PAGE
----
If you are interested in Nain, Nunatsiavut and the Nunatsiavummiut, visit Heather Campbell’s blog about Judith Pauline White.

This blog is part of a series related to the Indigenous Documentary Heritage Initiatives. Learn how Library and Archives Canada (LAC) increases access to First Nations, Inuit and Métis Nation collections and supports communities in the preservation of Indigenous language recordings.


Jennelle Doyle is an archivist with the Listen, Hear Our Voices initiative at Library and Archives Canada. Jennelle grew up in Churchill Falls, Labrador, her family being from both the south coast of Labrador and the island of Newfoundland. She has been located in Ottawa since 2019 and is currently a master’s student at the University of Ottawa while continuing her work on the initiative.

Charles Angus Cooke (Thawennensere): Language and knowledge keeper

On the left of the graphic, Tatânga Mânî [Chief Walking Buffalo] [George McLean] in traditional regalia on horse. In the middle, Iggi and girl engaging in a “kunik”, a traditional greeting in Inuit culture. On the right, Maxime Marion, a Métis guide stands holding a rifle. In the background, there is a map of Upper and Lower Canada, and text from the Red River Settlement collection.

By Elizabeth Kawenaa Montour

This article contains historical language and content that some may consider offensive, for example, language used to refer to racial, ethnic and cultural groups. Please see our Historical language advisory for more information.

A painting depicting a canoe on a lake, with a house in the background, and trees and rocks in the foreground.
Ruins of Fort Senneville, Lac des Deux Montagnes, near Sainte-Anne, Quebec; view from west side of Tio’tia:ke (island of Montréal) looking northwest toward the Kanien’kehá:ka village of Kanehsata:ke (Oka), 1839 (c011891k)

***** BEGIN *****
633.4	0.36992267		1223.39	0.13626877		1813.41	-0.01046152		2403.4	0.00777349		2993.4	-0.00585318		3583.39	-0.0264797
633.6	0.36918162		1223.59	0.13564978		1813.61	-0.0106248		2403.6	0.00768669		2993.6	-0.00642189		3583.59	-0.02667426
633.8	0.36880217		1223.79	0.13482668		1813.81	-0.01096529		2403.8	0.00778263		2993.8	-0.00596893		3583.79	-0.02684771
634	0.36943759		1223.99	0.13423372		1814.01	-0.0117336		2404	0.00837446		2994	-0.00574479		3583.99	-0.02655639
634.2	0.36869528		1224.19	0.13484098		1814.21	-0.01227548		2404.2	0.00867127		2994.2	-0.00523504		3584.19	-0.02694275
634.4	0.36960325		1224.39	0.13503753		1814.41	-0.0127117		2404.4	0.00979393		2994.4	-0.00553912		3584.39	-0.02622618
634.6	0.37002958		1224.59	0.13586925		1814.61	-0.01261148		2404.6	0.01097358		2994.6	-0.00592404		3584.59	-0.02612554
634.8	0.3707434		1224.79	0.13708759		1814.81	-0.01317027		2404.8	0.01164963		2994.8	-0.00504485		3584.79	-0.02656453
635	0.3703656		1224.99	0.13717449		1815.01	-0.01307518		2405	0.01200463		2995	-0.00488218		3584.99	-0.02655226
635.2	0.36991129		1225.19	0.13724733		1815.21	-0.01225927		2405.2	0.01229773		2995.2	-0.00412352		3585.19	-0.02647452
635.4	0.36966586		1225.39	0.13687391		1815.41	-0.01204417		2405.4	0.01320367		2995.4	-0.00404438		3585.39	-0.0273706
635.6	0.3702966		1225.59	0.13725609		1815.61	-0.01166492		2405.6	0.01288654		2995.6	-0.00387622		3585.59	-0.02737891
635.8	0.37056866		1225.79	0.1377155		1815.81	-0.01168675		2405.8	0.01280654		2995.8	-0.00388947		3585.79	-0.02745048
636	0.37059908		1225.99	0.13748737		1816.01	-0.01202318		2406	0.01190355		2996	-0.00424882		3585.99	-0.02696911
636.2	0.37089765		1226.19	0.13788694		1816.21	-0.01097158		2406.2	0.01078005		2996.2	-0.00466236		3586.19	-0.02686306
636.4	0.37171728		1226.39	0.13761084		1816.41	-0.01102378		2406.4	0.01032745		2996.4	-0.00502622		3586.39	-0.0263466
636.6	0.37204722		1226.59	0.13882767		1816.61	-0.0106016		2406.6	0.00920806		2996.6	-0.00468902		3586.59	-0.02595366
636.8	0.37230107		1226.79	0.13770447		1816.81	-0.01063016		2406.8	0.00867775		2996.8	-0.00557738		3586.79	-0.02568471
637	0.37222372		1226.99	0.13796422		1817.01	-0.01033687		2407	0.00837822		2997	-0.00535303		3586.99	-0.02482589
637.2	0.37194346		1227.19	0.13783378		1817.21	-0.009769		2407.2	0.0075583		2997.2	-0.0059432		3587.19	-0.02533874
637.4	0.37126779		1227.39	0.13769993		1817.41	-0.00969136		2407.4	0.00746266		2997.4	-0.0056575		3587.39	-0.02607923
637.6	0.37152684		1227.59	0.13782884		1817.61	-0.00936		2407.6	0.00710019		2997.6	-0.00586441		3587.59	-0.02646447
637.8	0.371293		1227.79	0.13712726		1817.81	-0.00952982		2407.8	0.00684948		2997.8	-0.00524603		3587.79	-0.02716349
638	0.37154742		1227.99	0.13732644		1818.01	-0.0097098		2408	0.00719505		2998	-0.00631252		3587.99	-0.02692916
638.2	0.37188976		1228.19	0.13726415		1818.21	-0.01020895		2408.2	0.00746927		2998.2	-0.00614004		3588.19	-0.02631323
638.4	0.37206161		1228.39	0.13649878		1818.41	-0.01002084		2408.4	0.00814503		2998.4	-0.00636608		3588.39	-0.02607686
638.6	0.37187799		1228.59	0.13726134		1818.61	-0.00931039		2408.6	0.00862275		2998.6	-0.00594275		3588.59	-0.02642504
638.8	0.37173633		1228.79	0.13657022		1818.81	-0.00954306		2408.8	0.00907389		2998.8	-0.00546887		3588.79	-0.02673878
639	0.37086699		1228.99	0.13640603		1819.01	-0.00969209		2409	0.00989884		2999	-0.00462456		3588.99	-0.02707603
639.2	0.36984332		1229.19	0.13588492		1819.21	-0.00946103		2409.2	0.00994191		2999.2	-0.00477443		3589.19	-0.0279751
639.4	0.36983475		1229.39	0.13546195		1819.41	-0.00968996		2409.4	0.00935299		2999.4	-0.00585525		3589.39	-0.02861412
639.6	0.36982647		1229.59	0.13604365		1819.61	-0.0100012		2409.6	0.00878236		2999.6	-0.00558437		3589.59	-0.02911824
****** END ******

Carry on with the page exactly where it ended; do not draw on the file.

The archival records of Charles Angus Cooke at Library and Archives Canada are invaluable for Kanienhkeha (Mohawk) language and culture revitalization. Cooke was born Thawennensere (Double Name) on Kanehsata:ke Territory (Oka, Quebec) in 1870. At age 11, he relocated to Wahta (Gibson, Ontario), and at age 23, he moved to Ottawa. These records of his important work are based on his knowledge of his ancestral language.

A typeset page of a newspaper with three columns.
Onkweonwe newspaper. Title from caption: “Aterientarajera naah ne Kasatstensera” (knowledge is strength). October 25, 1900 (OCLC 1007186921)

An original first edition of vol. 1, no 1 of Cooke’s newspaper Onkweonwe, dated October 25, 1900, is in Library and Archives Canada’s library collection. It is the only known surviving copy. The newspaper was groundbreaking because it was written entirely in the Kanienhkeha language and was the first to be produced in a First Nations language in Canada. Articles included current events, and topics such as foreign affairs, national affairs, the economy, sports, federal politics, hunting season dates, and the prices of produce and animals. The newspaper was a resource that could assist the economic endeavours of readers. It focused on and was distributed to communities in the region occupied by the Haudenosaunee (Iroquois) communities of the Six Nations all the way up to and including Wendake, a Huron-Wendat community in Loretteville, Quebec.

A map showing the grid of the Township of Gibson, with the labels Medora and Wood at the top and Baxter on the right.
Plan of part of the Township of Gibson, Ontario, now known as Wahta, around 1887 (e008311360)